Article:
Blockchain technology for the energy sector: significant potential but still key challenges to overcome

Blockchain is a technology for storing and transmitting operational information in a transparent and cryptographically secured way without a central control body. It consists of a series of blocks creating a database containing the history of all transaction conducted by its users since its creation. In private blockchains, only members of the blockchain have access to the history of all transactions performed in the network, whereas public blockchains can be accessed by anyone. The most known public blockchain is Bitcoin which is a digital currency created in 2009. In this article, our Energy & Mobility team reviews the use of blockchain technology in the energy sector, from benefits to challenges to overcome.

What are the main advantages of blockchain?

Due to its advantages, blockchain technology has recently been paving its way to other industries, such as energy, automotive, healthcare, and others.

The main advantages of blockchain technology are:

  • Transparency: Data on the blockchain is recorded in a chronological order and can be accessed by all members of the blockchain.
  • Decentralization: Any member can add transactions to the ledger, there is no need of third parties. In addition, data is stored in several computers of chain members.
  • Immutability: Once data is entered in the blockchain it cannot be modified or deleted.
  • Security: All data is verified by blockchain members before being attached to a block and it is cryptographically secured.

How can blockchain be used in the energy sector?

In the energy sector, blockchain is considered a promising tool to record and facilitate transactions between generators and consumers of energy, which includes various use cases, such as:

  • Peer-to-peer electricity trading: Sell of excess renewable energy to other network participants through automated smart contracts.
  • Management of renewable energy certificates: Real time and automated recording and awarding of renewable energy certificates to avoid double counting.
  • Grid management: Automatic control of all power and storage flows along the grid to balance supply and demand in the context of increasing intermittent renewable energy integration.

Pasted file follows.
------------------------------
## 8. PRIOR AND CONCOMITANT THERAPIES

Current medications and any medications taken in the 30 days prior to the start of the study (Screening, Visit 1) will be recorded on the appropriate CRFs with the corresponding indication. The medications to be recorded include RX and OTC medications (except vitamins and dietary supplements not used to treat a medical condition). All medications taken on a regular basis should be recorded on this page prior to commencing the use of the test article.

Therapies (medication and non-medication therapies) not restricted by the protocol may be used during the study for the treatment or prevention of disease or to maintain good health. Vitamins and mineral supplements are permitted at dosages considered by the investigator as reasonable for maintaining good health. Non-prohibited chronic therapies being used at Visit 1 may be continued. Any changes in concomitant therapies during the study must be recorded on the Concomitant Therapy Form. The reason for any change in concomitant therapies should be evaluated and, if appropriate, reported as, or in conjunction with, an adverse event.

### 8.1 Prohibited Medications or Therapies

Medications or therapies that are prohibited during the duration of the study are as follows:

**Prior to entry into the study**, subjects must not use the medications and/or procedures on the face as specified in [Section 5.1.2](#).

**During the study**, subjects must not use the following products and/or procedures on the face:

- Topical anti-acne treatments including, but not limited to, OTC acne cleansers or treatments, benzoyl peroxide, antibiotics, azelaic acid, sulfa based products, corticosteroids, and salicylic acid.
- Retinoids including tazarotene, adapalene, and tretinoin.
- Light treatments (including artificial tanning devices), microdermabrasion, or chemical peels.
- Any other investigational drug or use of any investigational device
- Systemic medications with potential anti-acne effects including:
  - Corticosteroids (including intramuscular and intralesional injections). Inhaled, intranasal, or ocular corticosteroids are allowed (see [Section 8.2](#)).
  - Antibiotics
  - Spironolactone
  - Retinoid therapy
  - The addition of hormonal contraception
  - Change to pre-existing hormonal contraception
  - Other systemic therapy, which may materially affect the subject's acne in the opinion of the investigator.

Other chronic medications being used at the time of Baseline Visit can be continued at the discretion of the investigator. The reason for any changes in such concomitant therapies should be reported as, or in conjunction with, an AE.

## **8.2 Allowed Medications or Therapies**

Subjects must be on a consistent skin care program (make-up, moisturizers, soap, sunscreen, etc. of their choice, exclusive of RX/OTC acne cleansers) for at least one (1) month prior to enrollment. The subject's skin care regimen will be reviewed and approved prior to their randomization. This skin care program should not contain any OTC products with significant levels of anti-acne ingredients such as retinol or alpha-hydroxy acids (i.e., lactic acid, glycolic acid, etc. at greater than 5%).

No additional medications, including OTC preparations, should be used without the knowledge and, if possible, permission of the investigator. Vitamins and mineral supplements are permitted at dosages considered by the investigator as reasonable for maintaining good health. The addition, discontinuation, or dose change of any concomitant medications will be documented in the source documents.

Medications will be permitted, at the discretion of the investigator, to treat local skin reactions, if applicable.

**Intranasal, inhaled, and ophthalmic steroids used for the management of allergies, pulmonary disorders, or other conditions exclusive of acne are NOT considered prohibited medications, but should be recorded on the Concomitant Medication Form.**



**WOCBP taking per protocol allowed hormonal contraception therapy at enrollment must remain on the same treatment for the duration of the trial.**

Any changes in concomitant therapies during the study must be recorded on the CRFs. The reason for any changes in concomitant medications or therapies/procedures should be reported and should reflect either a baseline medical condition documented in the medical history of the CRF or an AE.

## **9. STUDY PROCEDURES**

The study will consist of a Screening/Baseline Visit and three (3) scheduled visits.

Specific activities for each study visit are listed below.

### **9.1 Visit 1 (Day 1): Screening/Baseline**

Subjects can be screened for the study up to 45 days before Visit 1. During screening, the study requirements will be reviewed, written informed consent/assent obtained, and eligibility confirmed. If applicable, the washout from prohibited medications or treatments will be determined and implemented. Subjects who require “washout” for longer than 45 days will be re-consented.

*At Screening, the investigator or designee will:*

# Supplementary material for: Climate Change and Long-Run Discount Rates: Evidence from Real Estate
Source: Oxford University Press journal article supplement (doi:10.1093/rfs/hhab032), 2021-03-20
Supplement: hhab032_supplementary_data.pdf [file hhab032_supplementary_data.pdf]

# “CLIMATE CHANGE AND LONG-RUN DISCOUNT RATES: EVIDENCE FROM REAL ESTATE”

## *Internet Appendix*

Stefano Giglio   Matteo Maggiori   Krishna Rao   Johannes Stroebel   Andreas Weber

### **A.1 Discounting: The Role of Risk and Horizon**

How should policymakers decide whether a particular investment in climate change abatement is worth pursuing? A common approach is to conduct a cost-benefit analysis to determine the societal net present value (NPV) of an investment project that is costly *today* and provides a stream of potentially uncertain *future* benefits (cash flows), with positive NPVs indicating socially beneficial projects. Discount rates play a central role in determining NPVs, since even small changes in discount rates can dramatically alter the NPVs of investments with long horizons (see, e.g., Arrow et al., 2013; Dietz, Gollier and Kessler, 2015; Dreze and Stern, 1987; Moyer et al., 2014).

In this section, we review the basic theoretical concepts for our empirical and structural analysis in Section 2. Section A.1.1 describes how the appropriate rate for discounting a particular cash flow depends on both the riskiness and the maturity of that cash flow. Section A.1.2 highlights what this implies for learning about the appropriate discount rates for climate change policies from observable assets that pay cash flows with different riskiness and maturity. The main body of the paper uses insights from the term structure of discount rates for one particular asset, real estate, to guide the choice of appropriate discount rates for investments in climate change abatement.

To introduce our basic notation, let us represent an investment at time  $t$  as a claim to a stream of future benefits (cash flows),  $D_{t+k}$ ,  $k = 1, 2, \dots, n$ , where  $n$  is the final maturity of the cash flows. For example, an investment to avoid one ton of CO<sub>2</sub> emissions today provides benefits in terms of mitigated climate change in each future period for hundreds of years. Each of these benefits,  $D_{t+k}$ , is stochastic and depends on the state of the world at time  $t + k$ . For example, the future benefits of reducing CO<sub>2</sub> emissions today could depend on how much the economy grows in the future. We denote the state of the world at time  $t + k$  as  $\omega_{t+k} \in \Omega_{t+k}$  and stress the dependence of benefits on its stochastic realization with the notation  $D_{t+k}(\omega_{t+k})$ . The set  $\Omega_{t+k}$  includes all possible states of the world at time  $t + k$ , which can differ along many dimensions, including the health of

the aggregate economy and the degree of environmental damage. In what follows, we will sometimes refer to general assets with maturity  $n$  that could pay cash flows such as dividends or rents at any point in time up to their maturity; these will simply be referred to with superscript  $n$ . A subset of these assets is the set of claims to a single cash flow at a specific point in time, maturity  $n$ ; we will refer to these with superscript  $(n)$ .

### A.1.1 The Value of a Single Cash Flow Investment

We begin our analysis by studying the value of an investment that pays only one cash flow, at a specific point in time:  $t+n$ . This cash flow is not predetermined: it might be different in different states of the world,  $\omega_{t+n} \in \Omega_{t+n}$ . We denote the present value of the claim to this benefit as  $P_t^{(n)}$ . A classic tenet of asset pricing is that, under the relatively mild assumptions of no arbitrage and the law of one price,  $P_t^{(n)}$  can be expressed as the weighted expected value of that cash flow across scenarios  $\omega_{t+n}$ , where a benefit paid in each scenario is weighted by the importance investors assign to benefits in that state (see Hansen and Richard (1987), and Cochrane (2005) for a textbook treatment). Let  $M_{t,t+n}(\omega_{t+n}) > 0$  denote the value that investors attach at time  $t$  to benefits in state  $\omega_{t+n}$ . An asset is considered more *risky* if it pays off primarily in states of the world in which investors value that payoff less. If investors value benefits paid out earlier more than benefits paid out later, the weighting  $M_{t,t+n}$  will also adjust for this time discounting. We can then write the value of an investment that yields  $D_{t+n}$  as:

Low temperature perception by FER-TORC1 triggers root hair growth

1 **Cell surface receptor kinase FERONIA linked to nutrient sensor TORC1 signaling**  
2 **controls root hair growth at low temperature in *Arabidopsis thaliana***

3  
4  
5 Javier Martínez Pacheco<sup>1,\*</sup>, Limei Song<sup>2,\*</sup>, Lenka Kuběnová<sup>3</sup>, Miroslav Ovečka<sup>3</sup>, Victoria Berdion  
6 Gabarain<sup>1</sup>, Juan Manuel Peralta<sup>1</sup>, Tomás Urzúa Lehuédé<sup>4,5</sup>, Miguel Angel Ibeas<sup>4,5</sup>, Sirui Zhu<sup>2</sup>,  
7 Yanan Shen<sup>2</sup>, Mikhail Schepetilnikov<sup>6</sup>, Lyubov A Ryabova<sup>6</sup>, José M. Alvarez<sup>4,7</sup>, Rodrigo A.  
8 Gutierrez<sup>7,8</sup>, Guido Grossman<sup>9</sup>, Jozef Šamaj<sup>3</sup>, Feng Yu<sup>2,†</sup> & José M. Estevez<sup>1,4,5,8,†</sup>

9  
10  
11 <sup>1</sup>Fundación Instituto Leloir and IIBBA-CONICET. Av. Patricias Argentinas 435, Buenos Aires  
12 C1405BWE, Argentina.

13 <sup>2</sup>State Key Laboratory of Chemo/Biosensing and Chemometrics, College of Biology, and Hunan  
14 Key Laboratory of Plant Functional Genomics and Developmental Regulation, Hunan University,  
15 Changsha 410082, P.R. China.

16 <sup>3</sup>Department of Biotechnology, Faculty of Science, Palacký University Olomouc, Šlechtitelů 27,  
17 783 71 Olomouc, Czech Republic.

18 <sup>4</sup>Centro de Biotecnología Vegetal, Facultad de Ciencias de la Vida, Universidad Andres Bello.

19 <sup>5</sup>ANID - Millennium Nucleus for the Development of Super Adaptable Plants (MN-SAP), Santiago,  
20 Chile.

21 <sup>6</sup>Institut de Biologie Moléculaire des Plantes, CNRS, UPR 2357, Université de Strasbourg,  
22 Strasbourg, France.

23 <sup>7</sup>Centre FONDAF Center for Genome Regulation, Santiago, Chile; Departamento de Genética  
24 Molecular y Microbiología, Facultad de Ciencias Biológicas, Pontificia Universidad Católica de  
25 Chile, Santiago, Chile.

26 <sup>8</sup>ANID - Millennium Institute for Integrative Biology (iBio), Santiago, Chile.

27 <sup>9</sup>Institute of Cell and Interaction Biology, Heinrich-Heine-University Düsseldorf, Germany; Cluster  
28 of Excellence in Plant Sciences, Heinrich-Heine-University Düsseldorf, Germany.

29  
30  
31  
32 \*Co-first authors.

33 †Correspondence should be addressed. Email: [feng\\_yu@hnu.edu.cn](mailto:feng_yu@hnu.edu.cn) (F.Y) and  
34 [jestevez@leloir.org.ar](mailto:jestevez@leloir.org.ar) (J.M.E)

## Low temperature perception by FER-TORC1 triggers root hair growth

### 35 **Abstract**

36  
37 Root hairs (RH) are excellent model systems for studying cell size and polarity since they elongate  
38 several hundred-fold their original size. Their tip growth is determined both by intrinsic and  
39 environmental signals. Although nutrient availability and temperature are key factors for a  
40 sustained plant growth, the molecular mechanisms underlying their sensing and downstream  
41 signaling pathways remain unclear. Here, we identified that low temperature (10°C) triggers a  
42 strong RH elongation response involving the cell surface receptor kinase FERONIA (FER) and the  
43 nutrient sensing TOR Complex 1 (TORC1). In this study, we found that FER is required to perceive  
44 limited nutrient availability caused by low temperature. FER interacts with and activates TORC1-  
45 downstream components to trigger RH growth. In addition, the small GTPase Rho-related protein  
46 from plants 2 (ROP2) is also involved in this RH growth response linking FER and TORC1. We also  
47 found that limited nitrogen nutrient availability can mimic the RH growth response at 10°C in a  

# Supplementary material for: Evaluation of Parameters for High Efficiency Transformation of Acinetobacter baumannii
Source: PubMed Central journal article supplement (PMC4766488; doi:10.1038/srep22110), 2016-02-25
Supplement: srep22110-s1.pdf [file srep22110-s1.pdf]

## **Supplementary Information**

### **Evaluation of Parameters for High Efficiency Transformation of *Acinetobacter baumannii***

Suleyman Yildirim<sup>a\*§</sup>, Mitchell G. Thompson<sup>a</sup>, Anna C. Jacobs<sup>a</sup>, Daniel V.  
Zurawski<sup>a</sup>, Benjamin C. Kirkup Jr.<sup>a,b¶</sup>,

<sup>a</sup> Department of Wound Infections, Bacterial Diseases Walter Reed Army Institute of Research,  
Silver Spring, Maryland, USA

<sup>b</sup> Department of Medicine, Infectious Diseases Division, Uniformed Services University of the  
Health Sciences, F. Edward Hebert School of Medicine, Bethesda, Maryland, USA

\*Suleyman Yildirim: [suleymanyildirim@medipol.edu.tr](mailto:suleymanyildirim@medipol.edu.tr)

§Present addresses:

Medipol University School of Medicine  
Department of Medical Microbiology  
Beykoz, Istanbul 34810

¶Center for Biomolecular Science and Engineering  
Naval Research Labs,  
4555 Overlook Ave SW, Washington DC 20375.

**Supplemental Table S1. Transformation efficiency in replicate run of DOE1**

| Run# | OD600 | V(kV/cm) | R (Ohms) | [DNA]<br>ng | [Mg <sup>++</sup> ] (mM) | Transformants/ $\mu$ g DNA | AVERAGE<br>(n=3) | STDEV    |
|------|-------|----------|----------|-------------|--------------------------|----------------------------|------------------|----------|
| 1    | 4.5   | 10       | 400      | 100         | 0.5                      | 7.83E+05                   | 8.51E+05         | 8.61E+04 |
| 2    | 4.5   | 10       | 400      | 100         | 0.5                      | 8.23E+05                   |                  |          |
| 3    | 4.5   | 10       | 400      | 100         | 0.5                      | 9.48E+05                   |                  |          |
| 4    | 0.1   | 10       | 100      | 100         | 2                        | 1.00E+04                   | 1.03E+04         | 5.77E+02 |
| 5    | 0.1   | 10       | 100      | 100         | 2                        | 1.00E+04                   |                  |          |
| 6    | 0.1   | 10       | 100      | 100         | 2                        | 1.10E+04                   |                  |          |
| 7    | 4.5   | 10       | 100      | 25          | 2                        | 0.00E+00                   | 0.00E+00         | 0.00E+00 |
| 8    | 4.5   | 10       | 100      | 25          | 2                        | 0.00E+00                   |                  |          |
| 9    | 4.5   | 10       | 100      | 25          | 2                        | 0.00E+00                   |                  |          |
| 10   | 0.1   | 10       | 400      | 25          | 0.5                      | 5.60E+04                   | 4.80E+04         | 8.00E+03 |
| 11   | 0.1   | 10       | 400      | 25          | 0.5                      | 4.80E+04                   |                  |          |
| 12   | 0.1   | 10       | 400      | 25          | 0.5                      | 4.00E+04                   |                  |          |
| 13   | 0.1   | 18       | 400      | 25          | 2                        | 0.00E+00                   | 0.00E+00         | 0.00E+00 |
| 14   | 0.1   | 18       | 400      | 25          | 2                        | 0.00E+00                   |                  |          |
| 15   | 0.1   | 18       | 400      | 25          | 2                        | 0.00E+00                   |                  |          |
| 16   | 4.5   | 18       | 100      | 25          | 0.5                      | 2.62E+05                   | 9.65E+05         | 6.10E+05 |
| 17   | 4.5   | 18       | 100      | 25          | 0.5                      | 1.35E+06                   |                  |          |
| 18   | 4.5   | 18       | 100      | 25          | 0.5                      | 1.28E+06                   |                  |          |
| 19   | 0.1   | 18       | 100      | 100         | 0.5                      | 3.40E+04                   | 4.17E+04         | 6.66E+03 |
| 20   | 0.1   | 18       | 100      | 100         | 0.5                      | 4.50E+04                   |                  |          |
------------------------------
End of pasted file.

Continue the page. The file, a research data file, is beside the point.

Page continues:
• Electric vehicle charging and sharing: Peer-to-peer electric vehicle charging applications and grid services.

What initiatives are currently underway to use blockchain in energy?

Over the past few years, many initiatives have emerged around the world and more than 180 players, mainly startups, have been working to develop use cases for blockchain application with P2P energy trading being upfront. Among them, there are:

  • Peer-to-peer electricity trading: Several peer-to-peer platforms such as Power Ledger, Greeneum and Rowan Energy were developed, and several additional projects are underway. For example, on September 2020, Power Ledger and OP Properties announced a sustainable project for a 39-apartment complex in Fremantle, Australia. The complex will be equipped with solar rooftop PVs and local battery storage, and apartment owners will be able to sell excess solar electricity they generate back to the grid using the platform.
  • Management of renewable energy certificates: In December 2019, the EDP Group, global leader in the renewable energy sector, and El Corte Inglés, Spanish department store, launched a blockchain-based project to offer real-time validation for the origin of renewable energy used by its shopping centers in Spain. This project will allow El Corte Inglés to achieve its goal to reduce carbon emissions.